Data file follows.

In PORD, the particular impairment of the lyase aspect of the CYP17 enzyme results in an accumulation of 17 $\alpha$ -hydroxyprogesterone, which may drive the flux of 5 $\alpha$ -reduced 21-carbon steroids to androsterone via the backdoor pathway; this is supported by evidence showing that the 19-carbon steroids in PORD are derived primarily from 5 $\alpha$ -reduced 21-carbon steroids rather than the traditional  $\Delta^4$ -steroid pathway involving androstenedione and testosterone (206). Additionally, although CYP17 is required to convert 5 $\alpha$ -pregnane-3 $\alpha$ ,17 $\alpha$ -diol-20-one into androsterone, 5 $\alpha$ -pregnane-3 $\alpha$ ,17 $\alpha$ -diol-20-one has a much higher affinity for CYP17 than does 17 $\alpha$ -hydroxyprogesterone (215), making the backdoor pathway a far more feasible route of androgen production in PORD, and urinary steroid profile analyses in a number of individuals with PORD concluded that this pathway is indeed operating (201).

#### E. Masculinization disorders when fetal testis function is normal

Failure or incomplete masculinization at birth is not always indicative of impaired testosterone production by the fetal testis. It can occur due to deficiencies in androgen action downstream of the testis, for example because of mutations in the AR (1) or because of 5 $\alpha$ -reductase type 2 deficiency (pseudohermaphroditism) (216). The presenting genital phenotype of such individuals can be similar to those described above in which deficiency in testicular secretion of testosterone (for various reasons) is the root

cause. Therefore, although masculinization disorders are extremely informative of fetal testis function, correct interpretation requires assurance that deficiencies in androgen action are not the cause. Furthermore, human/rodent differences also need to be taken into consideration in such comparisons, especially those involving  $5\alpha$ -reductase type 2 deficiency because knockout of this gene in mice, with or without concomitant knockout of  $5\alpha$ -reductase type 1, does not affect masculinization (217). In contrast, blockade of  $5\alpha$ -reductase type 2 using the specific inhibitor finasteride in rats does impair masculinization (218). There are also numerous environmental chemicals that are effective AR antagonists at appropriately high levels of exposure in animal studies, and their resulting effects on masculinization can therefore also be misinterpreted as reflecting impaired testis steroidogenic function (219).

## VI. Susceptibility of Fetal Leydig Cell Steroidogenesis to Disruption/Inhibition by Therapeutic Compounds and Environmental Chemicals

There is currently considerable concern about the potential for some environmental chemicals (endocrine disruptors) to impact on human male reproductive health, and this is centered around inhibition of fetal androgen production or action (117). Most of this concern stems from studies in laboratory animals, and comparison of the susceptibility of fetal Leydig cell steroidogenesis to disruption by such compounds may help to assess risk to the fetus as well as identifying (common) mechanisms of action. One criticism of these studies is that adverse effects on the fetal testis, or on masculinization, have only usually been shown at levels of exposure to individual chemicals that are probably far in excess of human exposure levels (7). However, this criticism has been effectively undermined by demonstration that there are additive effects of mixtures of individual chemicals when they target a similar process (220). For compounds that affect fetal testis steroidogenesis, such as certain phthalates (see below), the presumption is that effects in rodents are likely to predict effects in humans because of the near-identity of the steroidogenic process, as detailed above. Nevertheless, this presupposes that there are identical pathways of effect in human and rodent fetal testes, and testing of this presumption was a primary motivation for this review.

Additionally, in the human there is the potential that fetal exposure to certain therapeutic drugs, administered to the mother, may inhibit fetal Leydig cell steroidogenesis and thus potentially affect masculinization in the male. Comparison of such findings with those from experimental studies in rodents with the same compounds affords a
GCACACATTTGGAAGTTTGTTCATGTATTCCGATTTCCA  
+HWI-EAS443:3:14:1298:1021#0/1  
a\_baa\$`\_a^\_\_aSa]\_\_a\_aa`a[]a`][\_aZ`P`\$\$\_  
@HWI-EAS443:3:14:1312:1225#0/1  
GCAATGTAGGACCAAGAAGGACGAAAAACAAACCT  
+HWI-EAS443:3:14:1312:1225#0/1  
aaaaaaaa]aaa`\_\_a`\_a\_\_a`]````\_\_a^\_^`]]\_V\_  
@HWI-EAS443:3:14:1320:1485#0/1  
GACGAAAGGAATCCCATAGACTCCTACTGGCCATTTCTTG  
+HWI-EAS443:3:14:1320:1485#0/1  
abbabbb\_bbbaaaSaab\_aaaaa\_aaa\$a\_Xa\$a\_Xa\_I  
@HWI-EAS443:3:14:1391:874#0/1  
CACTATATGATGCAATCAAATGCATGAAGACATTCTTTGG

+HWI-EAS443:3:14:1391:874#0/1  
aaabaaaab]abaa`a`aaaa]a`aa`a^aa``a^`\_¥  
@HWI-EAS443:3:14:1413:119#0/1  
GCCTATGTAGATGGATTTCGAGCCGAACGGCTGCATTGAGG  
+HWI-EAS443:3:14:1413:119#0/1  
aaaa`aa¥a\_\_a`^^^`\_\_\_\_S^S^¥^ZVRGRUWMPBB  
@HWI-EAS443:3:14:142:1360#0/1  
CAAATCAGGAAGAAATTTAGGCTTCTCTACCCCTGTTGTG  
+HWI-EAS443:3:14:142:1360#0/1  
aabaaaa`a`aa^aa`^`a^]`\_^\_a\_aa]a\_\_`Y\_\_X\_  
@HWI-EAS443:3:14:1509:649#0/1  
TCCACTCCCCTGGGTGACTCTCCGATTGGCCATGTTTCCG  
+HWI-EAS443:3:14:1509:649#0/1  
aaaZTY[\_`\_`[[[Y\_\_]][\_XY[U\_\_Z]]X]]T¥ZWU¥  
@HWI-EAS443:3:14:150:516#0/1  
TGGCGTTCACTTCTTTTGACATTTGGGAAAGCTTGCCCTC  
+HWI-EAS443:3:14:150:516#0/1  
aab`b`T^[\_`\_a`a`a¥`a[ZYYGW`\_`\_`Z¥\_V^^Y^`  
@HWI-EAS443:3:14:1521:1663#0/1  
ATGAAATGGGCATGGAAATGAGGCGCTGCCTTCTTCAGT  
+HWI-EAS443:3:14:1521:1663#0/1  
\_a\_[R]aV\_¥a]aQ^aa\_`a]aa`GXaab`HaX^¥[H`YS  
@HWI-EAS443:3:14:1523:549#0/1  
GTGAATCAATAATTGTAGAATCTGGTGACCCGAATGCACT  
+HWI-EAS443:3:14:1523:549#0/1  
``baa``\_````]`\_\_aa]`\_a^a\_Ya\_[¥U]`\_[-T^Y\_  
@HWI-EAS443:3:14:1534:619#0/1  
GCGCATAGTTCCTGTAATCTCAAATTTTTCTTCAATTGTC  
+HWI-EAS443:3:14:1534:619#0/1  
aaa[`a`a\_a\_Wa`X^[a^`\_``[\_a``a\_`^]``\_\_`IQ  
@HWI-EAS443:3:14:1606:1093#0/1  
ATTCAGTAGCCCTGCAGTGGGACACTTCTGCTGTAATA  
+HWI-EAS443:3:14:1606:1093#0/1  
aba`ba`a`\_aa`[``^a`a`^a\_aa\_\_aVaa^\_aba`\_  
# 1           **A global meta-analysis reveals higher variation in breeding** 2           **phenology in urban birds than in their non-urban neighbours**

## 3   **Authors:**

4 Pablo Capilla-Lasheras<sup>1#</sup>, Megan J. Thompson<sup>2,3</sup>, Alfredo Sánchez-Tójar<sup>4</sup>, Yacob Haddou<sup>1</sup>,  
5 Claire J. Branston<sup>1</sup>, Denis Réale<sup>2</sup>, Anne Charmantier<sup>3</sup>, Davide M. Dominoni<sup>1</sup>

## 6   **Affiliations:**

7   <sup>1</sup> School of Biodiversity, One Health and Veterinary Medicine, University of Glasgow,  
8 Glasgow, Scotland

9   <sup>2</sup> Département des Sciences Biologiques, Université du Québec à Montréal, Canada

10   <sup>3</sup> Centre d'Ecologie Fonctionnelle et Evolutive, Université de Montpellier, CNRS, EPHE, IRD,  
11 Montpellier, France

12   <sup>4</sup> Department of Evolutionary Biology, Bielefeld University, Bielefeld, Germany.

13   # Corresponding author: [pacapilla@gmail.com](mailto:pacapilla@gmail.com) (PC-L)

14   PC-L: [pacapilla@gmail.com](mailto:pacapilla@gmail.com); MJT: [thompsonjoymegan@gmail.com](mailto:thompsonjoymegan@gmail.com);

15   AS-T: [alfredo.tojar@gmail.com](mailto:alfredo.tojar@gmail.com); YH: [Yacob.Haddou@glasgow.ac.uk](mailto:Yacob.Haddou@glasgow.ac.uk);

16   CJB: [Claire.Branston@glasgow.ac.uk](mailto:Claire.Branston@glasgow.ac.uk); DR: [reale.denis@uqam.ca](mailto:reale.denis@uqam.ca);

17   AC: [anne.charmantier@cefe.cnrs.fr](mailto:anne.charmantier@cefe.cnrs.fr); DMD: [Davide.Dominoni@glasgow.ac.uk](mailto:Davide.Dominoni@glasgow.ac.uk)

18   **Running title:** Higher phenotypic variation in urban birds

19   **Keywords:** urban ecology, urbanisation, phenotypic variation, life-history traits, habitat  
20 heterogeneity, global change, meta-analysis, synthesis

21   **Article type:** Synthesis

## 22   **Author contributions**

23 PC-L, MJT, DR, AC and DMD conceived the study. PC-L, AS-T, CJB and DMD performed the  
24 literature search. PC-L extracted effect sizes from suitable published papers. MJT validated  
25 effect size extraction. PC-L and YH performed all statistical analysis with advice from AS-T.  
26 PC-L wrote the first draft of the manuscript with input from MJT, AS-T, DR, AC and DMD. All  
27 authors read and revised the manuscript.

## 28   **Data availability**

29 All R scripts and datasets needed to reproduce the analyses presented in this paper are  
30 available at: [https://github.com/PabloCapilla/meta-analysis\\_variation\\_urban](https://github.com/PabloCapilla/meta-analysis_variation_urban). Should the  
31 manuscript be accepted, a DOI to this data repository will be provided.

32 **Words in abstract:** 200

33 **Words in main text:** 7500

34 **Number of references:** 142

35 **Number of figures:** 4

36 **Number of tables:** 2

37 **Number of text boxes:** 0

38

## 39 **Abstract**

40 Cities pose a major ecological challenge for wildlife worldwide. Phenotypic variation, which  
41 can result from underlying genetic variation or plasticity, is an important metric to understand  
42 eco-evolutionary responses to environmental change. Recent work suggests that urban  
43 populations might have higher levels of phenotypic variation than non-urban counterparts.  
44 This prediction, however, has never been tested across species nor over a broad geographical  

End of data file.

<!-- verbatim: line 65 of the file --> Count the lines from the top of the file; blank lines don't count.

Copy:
12   <sup>4</sup> Department of Evolutionary Biology, Bielefeld University, Bielefeld, Germany.